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J Clin Oncol. 2005 Apr 20;23(12):2606-17. Epub 2004 Sep 27.

Phase III, randomized, double-blind study of epoetin alfa compared with placebo in anemic patients receiving chemotherapy.

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  • 1Department of Hematology and Internal Medicine, Mayo Clinic, Rochester, MN 55905, USA.



To determine whether weekly epoetin alfa could improve hemoglobin (HgB) levels, reduce RBC transfusions, and improve quality of life (QOL) in patients with advanced cancer and with anemia after receiving myelosuppressive chemotherapy.


This double-blind, placebo-controlled study randomly assigned patients to placebo or epoetin alfa (Ortho Biotech, Bridgewater, NJ) 40,000 U subcutaneous weekly for 16 weeks. QOL, HgB, and RBC transfusions were measured pretreatment and monthly.


The study accrued 344 patients; 330 were assessable for efficacy and 305 were assessable for QOL. Placebo-treated patients had a mean increase in HgB of 0.9 g/dL (range, -3.8 to +5.3) compared with 2.8 g/dL (range, -2.2 to +7.5) for epoetin-treated patients (P < .0001). During the study, 31.7% of placebo-treated patients achieved a > or = 2 g/dL HgB increase compared with 72.7% of epoetin-treated patients (P < .0001). The incidence of RBC transfusion for placebo and epoetin treatment arms was 39.6% and 25.3% (P = .005), respectively. The placebo group received 256 units of RBCs compared with 127 units in the epoetin group (P < .0001). The incidence of toxicity in the groups was similar. Changes in the average QOL scores from baseline to the end of the study were similar in the two groups (P = not significant). The HgB responders (irrespective of treatment arm) had a mean change in Functional Assessment of Cancer Therapy (FACT) fatigue score from a baseline of +5.1 compared with -2.1 for the nonresponders (P = .006).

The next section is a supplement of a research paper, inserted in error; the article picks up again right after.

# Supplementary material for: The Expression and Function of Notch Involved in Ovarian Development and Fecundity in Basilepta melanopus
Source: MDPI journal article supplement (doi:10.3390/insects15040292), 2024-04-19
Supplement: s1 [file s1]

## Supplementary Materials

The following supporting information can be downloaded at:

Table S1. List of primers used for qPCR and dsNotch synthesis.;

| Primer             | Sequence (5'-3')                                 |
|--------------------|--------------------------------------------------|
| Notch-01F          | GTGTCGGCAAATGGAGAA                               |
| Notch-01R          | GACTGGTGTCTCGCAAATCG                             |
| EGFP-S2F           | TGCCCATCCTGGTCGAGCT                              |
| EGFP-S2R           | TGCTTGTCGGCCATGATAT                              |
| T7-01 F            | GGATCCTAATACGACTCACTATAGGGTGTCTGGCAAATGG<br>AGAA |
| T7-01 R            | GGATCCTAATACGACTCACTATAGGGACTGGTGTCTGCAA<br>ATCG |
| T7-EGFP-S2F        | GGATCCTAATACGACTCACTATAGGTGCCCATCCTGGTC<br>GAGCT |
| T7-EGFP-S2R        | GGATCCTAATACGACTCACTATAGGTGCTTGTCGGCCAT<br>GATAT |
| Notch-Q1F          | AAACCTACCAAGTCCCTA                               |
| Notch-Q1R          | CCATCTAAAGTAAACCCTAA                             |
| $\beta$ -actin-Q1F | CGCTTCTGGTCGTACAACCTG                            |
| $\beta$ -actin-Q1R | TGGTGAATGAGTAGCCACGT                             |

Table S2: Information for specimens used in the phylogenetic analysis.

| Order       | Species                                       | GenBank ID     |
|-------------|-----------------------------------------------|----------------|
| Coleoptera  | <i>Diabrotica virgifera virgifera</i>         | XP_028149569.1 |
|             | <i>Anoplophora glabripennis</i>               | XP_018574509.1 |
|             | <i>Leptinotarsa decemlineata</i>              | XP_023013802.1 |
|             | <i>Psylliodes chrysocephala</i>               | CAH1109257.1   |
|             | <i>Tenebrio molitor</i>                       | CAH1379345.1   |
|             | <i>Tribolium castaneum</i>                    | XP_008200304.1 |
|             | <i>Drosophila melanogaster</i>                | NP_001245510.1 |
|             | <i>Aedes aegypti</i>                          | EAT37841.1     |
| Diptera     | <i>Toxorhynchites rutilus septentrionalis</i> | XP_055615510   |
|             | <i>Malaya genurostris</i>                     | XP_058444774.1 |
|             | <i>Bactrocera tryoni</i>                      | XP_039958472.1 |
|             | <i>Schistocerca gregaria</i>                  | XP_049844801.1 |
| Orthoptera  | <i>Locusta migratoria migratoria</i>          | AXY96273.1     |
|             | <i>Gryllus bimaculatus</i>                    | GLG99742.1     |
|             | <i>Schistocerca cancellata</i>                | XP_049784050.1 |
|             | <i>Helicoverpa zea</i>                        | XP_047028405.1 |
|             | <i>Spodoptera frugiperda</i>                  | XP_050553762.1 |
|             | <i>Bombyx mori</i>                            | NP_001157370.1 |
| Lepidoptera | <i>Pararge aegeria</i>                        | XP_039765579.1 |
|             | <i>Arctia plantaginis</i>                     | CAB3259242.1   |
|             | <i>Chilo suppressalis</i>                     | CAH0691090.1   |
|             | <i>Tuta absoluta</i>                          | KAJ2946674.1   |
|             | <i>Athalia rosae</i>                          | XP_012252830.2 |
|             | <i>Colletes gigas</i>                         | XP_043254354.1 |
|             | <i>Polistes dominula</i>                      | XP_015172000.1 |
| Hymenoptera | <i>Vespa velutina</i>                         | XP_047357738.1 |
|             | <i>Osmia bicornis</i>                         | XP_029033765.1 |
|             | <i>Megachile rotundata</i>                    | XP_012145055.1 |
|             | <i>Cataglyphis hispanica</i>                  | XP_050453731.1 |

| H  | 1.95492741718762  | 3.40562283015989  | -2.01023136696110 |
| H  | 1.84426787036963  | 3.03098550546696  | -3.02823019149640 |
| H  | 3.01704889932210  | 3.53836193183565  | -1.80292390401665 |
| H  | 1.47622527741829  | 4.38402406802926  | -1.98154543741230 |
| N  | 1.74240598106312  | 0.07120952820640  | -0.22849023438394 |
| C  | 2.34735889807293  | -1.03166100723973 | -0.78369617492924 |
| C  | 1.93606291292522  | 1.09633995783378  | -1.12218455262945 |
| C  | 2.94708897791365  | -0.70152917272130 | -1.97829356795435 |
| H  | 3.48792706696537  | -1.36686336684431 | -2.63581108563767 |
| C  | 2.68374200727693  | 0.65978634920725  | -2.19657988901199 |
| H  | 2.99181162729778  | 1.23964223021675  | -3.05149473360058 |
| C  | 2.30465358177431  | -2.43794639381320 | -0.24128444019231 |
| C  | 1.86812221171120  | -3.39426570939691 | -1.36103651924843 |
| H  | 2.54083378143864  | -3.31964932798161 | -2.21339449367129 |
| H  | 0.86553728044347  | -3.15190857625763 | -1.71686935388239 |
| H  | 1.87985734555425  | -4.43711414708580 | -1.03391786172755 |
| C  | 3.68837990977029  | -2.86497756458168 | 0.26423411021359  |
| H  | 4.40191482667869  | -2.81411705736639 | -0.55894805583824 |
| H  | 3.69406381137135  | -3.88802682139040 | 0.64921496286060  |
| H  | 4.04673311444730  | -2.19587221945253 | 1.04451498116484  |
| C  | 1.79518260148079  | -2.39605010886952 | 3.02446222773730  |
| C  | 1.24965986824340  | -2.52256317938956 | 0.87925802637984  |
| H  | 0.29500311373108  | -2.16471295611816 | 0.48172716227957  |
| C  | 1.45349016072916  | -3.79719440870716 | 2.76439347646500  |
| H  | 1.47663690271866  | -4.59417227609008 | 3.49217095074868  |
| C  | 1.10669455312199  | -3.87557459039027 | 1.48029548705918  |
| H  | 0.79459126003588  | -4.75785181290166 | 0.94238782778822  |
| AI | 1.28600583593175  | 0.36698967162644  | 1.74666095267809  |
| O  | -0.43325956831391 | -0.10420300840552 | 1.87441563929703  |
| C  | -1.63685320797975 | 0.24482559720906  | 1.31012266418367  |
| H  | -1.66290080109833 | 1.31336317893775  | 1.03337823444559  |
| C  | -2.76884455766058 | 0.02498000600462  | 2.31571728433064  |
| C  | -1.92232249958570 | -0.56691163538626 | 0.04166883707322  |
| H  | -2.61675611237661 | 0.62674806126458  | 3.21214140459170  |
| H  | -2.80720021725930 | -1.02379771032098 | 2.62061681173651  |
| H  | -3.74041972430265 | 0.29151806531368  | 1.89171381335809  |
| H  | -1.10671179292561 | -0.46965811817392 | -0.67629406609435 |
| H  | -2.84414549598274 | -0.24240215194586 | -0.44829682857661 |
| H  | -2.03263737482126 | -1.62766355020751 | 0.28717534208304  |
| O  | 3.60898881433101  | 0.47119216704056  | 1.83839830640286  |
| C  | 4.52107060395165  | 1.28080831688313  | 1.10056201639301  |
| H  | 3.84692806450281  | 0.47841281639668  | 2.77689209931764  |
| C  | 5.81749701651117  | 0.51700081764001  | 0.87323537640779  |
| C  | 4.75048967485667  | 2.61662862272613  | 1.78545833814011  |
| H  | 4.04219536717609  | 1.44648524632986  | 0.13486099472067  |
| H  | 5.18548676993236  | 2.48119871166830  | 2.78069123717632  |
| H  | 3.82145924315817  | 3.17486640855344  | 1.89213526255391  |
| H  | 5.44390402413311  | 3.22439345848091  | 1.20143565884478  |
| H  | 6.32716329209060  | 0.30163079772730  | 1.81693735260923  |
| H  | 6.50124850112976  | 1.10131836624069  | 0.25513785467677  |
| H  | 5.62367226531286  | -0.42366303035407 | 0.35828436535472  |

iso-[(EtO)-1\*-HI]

Epoetin alfa significantly improved HgB and reduced transfusions in this patient population. These results support the use of weekly epoetin alfa as an ameliorative agent for cancer-related anemia.

[PubMed - indexed for MEDLINE]
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